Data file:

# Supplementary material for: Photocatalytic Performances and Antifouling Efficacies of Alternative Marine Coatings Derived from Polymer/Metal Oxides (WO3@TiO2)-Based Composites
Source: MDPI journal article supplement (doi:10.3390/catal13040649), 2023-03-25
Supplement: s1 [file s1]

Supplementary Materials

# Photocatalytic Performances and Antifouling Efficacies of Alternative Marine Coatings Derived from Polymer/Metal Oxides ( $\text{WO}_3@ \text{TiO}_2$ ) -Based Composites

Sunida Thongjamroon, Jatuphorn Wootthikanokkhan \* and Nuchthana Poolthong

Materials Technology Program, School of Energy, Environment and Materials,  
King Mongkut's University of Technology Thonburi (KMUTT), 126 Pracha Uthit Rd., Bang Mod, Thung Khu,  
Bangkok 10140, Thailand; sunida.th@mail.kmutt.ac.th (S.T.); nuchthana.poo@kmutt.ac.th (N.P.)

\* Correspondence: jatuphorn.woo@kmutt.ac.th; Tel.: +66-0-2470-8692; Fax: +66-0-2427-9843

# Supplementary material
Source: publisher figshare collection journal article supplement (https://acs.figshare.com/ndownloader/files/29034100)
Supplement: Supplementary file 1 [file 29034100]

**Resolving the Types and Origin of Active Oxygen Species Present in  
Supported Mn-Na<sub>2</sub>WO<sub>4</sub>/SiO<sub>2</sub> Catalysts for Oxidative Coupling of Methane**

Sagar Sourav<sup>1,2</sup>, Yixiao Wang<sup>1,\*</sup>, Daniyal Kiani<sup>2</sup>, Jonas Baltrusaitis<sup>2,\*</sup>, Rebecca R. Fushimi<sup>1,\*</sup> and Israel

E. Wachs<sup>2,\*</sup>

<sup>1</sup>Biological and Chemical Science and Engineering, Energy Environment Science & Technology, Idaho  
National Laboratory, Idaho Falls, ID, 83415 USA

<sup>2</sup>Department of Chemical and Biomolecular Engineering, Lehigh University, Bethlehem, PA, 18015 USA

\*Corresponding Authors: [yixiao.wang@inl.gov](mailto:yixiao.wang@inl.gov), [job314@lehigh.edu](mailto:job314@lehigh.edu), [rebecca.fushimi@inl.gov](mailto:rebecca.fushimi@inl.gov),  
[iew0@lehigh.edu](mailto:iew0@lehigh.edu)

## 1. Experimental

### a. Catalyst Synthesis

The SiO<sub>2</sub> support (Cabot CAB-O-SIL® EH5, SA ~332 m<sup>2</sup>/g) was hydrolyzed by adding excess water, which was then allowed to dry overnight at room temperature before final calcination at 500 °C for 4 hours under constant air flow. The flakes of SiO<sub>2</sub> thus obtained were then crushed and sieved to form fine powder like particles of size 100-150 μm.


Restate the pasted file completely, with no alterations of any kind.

# Supplementary material for: Photocatalytic Performances and Antifouling Efficacies of Alternative Marine Coatings Derived from Polymer/Metal Oxides (WO3@TiO2)-Based Composites
Source: MDPI journal article supplement (doi:10.3390/catal13040649), 2023-03-25
Supplement: s1 [file s1]

Supplementary Materials

# Photocatalytic Performances and Antifouling Efficacies of Alternative Marine Coatings Derived from Polymer/Metal Oxides ( $\text{WO}_3@ \text{TiO}_2$ ) -Based Composites

Sunida Thongjamroon, Jatuphorn Wootthikanokkhan \* and Nuchthana Poolthong

Materials Technology Program, School of Energy, Environment and Materials,  
King Mongkut's University of Technology Thonburi (KMUTT), 126 Pracha Uthit Rd., Bang Mod, Thung Khu,  
Bangkok 10140, Thailand; sunida.th@mail.kmutt.ac.th (S.T.); nuchthana.poo@kmutt.ac.th (N.P.)

\* Correspondence: jatuphorn.woo@kmutt.ac.th; Tel.: +66-0-2470-8692; Fax: +66-0-2427-9843

# Supplementary material
Source: publisher figshare collection journal article supplement (https://acs.figshare.com/ndownloader/files/29034100)
Supplement: Supplementary file 1 [file 29034100]

**Resolving the Types and Origin of Active Oxygen Species Present in  
Supported Mn-Na<sub>2</sub>WO<sub>4</sub>/SiO<sub>2</sub> Catalysts for Oxidative Coupling of Methane**

Sagar Sourav<sup>1,2</sup>, Yixiao Wang<sup>1,\*</sup>, Daniyal Kiani<sup>2</sup>, Jonas Baltrusaitis<sup>2,\*</sup>, Rebecca R. Fushimi<sup>1,\*</sup> and Israel

E. Wachs<sup>2,\*</sup>

<sup>1</sup>Biological and Chemical Science and Engineering, Energy Environment Science & Technology, Idaho  
National Laboratory, Idaho Falls, ID, 83415 USA

<sup>2</sup>Department of Chemical and Biomolecular Engineering, Lehigh University, Bethlehem, PA, 18015 USA

\*Corresponding Authors: [yixiao.wang@inl.gov](mailto:yixiao.wang@inl.gov), [job314@lehigh.edu](mailto:job314@lehigh.edu), [rebecca.fushimi@inl.gov](mailto:rebecca.fushimi@inl.gov),  
[iew0@lehigh.edu](mailto:iew0@lehigh.edu)

## 1. Experimental

### a. Catalyst Synthesis

The SiO<sub>2</sub> support (Cabot CAB-O-SIL® EH5, SA ~332 m<sup>2</sup>/g) was hydrolyzed by adding excess water, which was then allowed to dry overnight at room temperature before final calcination at 500 °C for 4 hours under constant air flow. The flakes of SiO<sub>2</sub> thus obtained were then crushed and sieved to form fine powder like particles of size 100-150 μm.